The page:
Interim Appeal Queued Up in Short-Selling Suit

     (CN) – The 3rd Circuit can weigh jurisdiction in an attempt to hold brokerages liable for the alleged “naked short-selling” of shares in a memorabilia company, a federal judge ruled.
     In a 2012 complaint, Greg Manning and others sued Merrill Lynch, Pierce, Fenner & Smith Inc.; Knight Capital Americas LP; UBS Securities LLC; E-Trade Capital Markets LLC; and National Financial Services LLC, alleging that they engaged in illegal “naked short selling” of millions of shares in his former company – Fortune 500 collectibles dealer, Escala Group, which is now known as Spectrum Group International.
     Manning said the defendants sold shares they did not own, borrow or ever intend to own, which created and circulated unauthorized or counterfeit Escala Group shares, diluting and artificially depressing their value. They allegedly did so to repurchase the shares at a lower price, return them to the lender and profit on the difference.
     During May and December 2006, the investment firms allegedly entered millions of proprietary and customer short sale transactions without having reasonable grounds to believe that the securities could be borrowed and available for delivery.
     The defendant firms later removed the action to New Jersey federal court. U.S. District Judge Jose Linares refused to remand the case to Morris County Superior Court or award attorneys’ fees on March 18.
     Last week, Linares gave the plaintiffs leave to appeal the jurisdiction question to the 3rd Circuit.
     “There is little doubt that an immediate appeal may ultimately advance the termination of the litigation,” he wrote. “If the Court of Appeals determines that this court lacks jurisdiction, the case will be remanded to the Superior Court of New Jersey and the federal litigation will be terminated. On the other hand, denial of the instant motion could result in a needless waste of time and resources on the part of the court as well as the parties if this court lacks subject matter jurisdiction.”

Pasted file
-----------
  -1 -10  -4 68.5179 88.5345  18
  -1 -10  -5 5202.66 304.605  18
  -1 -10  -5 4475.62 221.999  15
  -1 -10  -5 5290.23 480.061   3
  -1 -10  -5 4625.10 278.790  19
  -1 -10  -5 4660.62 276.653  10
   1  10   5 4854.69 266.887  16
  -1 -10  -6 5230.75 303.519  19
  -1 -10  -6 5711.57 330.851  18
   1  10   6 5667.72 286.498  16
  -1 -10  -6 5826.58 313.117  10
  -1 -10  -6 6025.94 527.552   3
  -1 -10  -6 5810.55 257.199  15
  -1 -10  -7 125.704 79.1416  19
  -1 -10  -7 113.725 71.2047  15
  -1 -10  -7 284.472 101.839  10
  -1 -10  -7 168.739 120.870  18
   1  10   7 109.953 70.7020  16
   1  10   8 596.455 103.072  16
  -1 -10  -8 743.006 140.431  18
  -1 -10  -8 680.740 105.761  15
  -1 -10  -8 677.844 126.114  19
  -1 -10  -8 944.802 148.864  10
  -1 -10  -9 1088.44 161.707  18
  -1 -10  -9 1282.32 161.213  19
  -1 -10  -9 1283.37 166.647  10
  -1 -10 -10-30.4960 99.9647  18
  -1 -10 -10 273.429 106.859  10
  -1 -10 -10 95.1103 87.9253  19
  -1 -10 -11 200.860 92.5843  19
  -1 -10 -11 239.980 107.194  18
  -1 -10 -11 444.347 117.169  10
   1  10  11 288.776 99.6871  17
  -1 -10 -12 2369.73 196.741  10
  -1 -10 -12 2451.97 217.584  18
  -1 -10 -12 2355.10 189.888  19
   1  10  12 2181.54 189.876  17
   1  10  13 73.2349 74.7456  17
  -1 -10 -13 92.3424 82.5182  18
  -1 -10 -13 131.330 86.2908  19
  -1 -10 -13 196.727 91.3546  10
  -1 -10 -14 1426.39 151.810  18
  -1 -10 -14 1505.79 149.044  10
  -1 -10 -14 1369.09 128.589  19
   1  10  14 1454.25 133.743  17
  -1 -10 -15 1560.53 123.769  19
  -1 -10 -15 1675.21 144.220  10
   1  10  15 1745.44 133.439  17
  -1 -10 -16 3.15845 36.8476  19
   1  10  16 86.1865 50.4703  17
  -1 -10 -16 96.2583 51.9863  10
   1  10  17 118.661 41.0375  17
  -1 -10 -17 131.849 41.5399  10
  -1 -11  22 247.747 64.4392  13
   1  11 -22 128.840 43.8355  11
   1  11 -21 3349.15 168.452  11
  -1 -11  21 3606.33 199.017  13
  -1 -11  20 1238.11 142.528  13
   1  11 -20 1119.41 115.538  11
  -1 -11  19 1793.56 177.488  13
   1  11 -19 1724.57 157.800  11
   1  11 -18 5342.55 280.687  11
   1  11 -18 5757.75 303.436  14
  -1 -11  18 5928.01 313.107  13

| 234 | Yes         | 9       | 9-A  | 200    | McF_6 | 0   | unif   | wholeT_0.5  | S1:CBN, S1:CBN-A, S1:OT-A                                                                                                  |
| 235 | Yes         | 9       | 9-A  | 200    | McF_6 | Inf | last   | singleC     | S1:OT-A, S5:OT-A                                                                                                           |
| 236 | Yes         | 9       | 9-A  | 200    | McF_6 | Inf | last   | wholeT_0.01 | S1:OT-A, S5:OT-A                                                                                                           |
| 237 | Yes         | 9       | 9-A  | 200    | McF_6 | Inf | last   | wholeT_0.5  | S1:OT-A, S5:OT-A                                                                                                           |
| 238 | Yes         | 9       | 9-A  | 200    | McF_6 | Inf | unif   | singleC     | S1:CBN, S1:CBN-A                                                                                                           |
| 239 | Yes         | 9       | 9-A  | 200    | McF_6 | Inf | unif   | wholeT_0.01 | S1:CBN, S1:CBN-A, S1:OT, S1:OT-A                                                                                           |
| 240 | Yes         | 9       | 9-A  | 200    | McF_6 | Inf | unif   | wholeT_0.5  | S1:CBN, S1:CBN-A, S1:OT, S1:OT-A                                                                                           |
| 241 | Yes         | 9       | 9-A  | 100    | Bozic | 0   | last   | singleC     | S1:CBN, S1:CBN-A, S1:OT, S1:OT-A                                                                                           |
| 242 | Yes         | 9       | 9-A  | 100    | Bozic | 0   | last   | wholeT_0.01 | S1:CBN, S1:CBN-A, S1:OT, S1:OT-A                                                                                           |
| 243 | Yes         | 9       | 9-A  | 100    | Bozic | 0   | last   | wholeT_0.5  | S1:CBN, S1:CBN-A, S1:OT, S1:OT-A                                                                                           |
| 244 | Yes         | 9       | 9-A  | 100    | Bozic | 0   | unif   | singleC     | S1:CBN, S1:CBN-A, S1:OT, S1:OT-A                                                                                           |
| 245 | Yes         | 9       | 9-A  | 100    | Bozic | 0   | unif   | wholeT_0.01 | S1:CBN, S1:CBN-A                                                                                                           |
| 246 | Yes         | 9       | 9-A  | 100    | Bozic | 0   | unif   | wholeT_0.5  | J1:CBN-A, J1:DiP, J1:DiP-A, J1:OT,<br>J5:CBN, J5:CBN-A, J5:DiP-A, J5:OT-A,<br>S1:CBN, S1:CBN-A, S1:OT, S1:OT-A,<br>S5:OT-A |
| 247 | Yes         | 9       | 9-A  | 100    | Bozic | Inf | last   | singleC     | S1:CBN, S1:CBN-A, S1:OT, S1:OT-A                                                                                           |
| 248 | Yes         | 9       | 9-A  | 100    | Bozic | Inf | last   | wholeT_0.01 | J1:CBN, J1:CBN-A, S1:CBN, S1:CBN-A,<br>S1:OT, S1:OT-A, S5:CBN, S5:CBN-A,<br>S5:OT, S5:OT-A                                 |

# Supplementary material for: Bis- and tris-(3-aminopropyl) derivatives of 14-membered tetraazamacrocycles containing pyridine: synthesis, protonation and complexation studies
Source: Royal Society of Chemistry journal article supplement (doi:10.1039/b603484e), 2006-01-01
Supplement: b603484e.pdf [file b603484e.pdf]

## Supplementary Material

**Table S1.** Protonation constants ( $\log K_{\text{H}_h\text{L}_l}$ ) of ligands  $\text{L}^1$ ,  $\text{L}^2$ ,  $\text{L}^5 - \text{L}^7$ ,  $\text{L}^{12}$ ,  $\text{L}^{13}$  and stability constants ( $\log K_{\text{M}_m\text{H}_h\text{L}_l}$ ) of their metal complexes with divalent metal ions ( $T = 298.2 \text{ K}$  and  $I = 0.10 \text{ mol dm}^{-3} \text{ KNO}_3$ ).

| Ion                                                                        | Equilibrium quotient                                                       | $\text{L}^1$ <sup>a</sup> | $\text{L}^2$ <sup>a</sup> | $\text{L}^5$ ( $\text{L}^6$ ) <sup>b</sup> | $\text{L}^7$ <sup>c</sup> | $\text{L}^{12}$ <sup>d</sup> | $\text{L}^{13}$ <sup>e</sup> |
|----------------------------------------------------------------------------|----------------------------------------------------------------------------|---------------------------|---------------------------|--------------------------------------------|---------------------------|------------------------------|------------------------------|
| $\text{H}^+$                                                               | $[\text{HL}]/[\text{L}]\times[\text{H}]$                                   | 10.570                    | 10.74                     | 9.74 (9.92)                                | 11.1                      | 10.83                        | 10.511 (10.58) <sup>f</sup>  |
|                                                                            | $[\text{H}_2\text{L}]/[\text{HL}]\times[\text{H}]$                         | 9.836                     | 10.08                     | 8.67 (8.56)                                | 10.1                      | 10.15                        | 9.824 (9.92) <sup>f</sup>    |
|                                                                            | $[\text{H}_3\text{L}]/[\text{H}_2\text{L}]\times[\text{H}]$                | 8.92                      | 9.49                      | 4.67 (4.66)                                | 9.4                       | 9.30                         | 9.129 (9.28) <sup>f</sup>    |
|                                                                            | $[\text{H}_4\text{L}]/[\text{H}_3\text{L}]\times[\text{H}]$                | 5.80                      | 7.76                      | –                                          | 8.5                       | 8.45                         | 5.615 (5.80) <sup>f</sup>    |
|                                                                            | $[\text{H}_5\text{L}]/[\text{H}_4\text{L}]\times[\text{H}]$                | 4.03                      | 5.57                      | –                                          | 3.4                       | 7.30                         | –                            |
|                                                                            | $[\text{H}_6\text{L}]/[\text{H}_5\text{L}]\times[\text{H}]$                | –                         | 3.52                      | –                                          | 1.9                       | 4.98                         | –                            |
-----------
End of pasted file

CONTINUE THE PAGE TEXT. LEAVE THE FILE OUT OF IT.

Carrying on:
It is too late, however, for the plaintiffs to seek reconsideration, according to the ruling.
     “Plaintiffs do not satisfy the high burden which would warrant reconsideration,” Linares wrote. “Plaintiffs do not point to an intervening change in controlling law or the availability of new evidence. Accordingly, the only possible remaining ground upon which the court could reconsider its previous opinion is the need to correct a clear error of law or prevent manifest injustice.”
     Linares also denied that he “did not fully examine the facts of the case in the context of on-point cases previously cited from [the] District Court of New Jersey, as well as several out of district cases.”
     “As explained by the 3rd Circuit, ‘it is clear that there is no such thing as ‘the law of the district,'” he wrote. “Even where the facts of a prior district court case are, for all practical purposes, the same as those presented to a different district court in the same district, the prior resolution of those claims does not bar reconsideration by this court of similar contentions. The doctrine of stare decisis does not compel one district court judge to follow the decision of another.’ Therefore, plaintiffs fail to satisfy their burden to demonstrate that reconsideration is appropriate here.”

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